In early June, Russian President Vladimir Putin attended the annual St. Petersburg International Economic Forum. The headline moment at the event was a wide-ranging and at times combative interview with Megyn Kelly. But Putin quietly made news in another way—he signaled an official volte-face on the issue of cryptocurrencies, digital financial instruments such as bitcoin.
Bitcoin is on an ever-upward trend lately. Today, the world’s first and most popular cryptocurrency is flirting with $4,500 in valuation. Bitcoin is now more than three times more valuable than gold., and, according to one expert, Ronnie Moas of Standpoint Research, we are still only at the tip of the iceberg.
When biologists synthesize DNA, they take pains not to create or spread a dangerous stretch of genetic code that could be used to create a toxin or, worse, an infectious disease. But one group of biohackers has demonstrated how DNA can carry a less expected threat—one designed to infect not humans nor animals but computers.
After an investigation, the Securities and Exchange Commission has concluded that organizations offering or selling digital assets using blockchains or distributed ledgers may be subject to securities laws, depending on the circumstances. This includes “initial coin offerings” (ICOs), a recently popularized crowdfunding method by which an organization issues virtual currencies or tokens.
Vitalik Buterin is the brains behind what some say is the next generation of bitcoin, called Ethereum.
A few days ago, a startup called Bancor raised around $153 million in two hours and twenty-five minutes.
The ICO, short for initial coin offering, followed several similar, equally successful funding events, and the numbers are rising. Prediction market Augur raised around $5.2 million over two months in 2015; this year, its competitor Gnosis raised $12 million in just 15 minutes. And we could only be getting started.
Bytecoin, an untraceable privacy-preserving cryptocurrency, has just seen an astronomical triple-digit percent surge in price. The cryptocurrency soared to the all time high market capitalization of $444,000,000, before calming down to around $300,000,000 and establishing itself at the top 10 cryptocurrencies by market capitalization at the time of writing (according to CoinMarketCap). A symbolic turning point for one of the first untraceable cryptocurrencies launched in 2012.
We can get rid of bad bosses once and for all. At least that’s the promise of a radically new type of organization based on blockchain technology.
It’s called a Decentralized Autonomous Organization and it has no CEO, CFO, or VPs.
In fact, there’s no hierarchy at all. Of course, any time you bring people together in a group, there are bound to be politics, but it won’t be the “command and control” structure that most of us are used to.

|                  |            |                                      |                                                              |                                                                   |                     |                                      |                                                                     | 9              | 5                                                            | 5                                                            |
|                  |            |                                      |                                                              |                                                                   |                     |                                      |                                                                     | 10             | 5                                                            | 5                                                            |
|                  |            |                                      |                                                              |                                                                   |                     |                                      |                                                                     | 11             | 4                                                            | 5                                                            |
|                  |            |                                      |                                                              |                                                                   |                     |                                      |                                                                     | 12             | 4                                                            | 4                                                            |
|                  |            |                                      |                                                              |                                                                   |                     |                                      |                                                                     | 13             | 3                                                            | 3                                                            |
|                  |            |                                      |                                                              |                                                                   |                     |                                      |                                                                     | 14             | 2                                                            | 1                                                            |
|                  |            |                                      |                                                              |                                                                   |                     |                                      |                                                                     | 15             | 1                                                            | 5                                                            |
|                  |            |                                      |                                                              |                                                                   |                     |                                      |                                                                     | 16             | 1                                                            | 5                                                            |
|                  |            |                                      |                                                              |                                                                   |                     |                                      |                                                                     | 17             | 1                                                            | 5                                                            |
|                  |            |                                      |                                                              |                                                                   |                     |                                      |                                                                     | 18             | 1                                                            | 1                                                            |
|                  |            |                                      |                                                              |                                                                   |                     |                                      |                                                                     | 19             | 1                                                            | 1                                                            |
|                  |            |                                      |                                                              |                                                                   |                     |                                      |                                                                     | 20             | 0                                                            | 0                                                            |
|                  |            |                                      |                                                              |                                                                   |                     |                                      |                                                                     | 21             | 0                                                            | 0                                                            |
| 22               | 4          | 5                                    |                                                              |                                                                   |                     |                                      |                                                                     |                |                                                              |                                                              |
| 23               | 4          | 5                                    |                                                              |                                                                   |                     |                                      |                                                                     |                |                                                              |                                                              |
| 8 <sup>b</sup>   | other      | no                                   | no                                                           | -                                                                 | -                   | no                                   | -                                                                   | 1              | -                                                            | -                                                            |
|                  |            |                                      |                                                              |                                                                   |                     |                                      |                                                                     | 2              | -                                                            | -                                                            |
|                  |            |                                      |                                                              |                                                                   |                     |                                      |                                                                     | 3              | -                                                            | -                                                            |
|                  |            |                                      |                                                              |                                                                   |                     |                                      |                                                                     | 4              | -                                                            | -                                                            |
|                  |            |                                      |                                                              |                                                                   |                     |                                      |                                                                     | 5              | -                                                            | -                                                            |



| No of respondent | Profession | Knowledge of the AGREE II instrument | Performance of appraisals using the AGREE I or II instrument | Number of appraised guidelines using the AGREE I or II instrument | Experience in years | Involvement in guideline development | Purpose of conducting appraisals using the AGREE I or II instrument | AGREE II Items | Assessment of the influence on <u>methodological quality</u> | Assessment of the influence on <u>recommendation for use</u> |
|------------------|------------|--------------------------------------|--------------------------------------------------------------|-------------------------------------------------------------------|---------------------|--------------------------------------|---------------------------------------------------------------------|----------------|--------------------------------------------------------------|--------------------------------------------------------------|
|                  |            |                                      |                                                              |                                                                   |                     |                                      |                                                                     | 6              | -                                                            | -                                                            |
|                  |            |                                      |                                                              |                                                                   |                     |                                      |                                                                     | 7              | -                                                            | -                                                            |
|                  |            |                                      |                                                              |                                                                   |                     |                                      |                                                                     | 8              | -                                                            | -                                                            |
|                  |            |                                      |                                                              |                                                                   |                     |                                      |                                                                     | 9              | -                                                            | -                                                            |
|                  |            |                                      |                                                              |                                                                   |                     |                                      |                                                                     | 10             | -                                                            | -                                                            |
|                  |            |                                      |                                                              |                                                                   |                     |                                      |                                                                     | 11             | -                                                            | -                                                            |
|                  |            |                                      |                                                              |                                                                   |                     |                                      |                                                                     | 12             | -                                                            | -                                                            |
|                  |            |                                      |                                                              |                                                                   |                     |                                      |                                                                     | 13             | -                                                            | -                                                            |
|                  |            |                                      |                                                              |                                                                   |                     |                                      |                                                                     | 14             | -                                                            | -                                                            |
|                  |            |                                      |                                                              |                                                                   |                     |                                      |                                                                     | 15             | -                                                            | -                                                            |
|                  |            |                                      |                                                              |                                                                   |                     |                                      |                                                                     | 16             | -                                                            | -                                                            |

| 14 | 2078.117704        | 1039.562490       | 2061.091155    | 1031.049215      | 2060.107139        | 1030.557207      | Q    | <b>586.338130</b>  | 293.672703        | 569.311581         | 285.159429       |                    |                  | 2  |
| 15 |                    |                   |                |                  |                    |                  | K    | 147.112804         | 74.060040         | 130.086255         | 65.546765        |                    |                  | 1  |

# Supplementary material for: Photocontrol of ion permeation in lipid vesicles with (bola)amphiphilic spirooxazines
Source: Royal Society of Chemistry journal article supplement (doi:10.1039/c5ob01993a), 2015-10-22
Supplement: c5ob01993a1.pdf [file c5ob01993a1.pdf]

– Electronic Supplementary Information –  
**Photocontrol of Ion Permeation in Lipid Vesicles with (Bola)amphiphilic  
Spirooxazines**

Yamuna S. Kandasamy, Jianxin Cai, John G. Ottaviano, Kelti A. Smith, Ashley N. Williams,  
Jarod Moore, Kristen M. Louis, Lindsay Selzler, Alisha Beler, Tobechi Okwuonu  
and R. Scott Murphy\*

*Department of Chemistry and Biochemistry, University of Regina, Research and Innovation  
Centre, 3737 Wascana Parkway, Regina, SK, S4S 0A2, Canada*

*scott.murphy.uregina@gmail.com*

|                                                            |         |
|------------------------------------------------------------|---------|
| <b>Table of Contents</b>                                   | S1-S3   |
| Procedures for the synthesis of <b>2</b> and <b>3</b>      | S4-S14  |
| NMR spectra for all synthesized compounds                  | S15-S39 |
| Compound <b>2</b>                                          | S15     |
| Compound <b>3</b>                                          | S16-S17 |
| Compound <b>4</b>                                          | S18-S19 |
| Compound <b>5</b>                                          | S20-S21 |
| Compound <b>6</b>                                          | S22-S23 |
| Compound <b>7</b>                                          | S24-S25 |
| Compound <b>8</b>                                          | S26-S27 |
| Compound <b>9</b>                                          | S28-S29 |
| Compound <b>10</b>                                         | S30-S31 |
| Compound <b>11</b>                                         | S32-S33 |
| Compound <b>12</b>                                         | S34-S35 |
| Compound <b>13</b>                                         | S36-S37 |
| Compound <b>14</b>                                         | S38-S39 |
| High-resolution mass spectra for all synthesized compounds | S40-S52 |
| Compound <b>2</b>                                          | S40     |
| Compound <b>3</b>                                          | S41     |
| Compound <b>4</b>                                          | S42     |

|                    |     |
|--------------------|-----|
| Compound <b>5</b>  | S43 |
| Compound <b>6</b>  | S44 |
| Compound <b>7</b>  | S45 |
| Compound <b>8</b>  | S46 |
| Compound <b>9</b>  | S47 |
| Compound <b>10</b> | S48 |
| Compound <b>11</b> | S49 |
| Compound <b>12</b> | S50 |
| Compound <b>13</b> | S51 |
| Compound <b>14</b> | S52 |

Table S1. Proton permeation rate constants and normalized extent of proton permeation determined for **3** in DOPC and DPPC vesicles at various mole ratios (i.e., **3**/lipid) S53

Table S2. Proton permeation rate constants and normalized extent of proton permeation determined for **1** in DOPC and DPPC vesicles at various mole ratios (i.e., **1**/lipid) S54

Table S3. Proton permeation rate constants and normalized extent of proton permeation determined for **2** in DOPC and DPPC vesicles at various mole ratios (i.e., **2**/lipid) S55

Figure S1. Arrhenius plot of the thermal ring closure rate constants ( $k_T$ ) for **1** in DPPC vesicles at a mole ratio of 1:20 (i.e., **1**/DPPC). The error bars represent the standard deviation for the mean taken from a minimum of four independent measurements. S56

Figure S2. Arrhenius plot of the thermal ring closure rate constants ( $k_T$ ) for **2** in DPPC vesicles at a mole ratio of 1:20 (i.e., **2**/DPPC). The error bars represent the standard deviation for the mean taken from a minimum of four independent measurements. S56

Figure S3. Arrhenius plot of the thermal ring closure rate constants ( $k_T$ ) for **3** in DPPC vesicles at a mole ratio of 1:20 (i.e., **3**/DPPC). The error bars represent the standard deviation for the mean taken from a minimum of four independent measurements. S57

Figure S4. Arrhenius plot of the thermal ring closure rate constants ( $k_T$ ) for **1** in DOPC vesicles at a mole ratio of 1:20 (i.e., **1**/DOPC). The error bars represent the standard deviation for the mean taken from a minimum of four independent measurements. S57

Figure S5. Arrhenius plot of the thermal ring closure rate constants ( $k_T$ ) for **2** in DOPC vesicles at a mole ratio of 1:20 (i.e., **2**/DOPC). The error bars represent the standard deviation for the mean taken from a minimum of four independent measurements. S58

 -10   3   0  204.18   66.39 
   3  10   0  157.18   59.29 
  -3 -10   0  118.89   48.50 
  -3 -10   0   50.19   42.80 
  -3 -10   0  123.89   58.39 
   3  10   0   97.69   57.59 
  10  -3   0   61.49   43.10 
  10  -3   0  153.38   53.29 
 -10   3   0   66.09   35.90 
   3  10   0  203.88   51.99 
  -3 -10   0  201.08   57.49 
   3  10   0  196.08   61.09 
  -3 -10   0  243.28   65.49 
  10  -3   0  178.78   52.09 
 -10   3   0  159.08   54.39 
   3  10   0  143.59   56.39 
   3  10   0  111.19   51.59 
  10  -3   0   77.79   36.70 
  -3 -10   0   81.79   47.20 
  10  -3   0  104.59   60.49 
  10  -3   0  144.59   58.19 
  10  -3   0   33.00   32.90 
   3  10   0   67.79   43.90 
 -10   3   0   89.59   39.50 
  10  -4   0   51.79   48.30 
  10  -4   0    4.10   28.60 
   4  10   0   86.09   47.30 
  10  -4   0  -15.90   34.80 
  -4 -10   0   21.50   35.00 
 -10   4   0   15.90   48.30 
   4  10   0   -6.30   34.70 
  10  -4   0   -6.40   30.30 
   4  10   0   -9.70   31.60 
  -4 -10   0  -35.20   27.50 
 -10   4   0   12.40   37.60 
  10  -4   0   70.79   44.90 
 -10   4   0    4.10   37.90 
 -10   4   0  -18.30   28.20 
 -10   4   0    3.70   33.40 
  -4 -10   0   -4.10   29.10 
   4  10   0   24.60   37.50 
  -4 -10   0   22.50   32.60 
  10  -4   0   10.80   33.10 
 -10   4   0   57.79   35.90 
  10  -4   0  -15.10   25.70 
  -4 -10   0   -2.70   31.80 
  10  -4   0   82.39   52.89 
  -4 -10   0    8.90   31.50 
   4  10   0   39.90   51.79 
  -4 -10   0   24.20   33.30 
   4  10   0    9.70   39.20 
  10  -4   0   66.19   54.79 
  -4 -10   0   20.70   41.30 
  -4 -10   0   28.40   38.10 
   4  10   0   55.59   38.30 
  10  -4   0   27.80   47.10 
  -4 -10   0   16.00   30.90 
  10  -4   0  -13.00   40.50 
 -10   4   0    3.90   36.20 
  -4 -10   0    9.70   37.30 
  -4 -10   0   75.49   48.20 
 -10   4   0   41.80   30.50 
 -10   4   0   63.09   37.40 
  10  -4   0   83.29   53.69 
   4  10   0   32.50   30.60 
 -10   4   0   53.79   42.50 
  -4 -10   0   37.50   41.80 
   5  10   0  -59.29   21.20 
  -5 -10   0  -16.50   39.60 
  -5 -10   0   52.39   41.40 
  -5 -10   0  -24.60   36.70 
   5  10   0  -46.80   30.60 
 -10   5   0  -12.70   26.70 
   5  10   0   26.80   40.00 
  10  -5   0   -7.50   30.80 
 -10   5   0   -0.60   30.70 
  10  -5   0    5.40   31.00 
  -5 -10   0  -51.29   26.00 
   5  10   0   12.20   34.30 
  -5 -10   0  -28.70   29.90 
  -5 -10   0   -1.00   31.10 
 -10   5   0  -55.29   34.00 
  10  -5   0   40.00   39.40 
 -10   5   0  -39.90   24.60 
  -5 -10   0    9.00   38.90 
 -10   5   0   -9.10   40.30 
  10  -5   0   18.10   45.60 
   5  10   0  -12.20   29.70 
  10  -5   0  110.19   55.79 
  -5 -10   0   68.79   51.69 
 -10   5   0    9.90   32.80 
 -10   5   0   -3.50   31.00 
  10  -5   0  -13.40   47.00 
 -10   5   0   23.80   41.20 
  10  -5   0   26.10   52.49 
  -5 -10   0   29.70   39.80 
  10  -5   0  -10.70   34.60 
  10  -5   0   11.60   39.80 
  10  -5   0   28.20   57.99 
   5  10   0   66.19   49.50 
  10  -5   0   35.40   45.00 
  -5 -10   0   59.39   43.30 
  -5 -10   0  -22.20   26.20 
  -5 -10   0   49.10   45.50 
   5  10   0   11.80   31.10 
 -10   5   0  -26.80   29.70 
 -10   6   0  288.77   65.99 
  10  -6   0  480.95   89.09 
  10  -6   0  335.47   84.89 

“Code is law,” as described in Lawrence Lessig’s book ‘Code and Other Laws of Cyberspace’, refers to the idea that computer code has progressively established itself as a predominant way to regulate behavior to the same degree as legal code.
With the advent of blockchain technology, code is assuming an even stronger role in regulating people’s interactions.
However, while computer code can enforce rules more efficiently than legal code, it also comes with a series of limitations.
Even years into the deployment of the internet, many believed that it was still a fad. Of course, the internet has since become a major influence on our lives, from how we buy goods and services, to the ways we socialize with friends, to the Arab Spring, to the 2016 U.S. presidential election. Yet, in the 1990s, the mainstream press scoffed when Nicholas Negroponte predicted that most of us would soon be reading our news online rather than from a newspaper.
Fast forward two decades: Will we soon be seeing a similar impact from cryptocurrencies and blockchains? There are certainly many parallels. Like the internet, cryptocurrencies such as Bitcoin are driven by advances in core technologies along with a new, open architecture — the Bitcoin blockchain. Like the internet, this technology is designed to be decentralized, with “layers,” where each layer is defined by an interoperable open protocol on top of which companies, as well as individuals, can build products and services. Like the internet, in the early stages of development there are many competing technologies, so it’s important to specify which blockchain you’re talking about. And, like the internet, blockchain technology is strongest when everyone is using the same network, so in the future we might all be talking about “the” blockchain.
The alleged lack of available talent for blockchain industry jobs was high on the agenda at the DTCC’s Fintech Symposium, held at the Grand Hyatt in New York City yesterday.
There, executives from a wide range of companies took turns addressing an audience of several hundred financial industry executives to express their concern about what they believe is a problem preventing wider growth and use of the technology.
In a major price surge, Dash has nearly doubled market cap over the last month, overtaking Litecoin and Monero to become the fourth most valued cryptocurrency.
This week one year ago, Dash was the #7 ranked cryptocurrency with a market cap of about $23 mln. This number grew steadily over the course of the year, finishing out the year with a market cap of $69 mln and maintained #7 ranking. Over the course of 2017 so far, however, Dash’s growth has significantly picked up steam, exceeding $100 mln over January. This month Dash has risen to a nearly $200 mln market cap, currently with a value of over $27 and 0.23 Bitcoin at present time.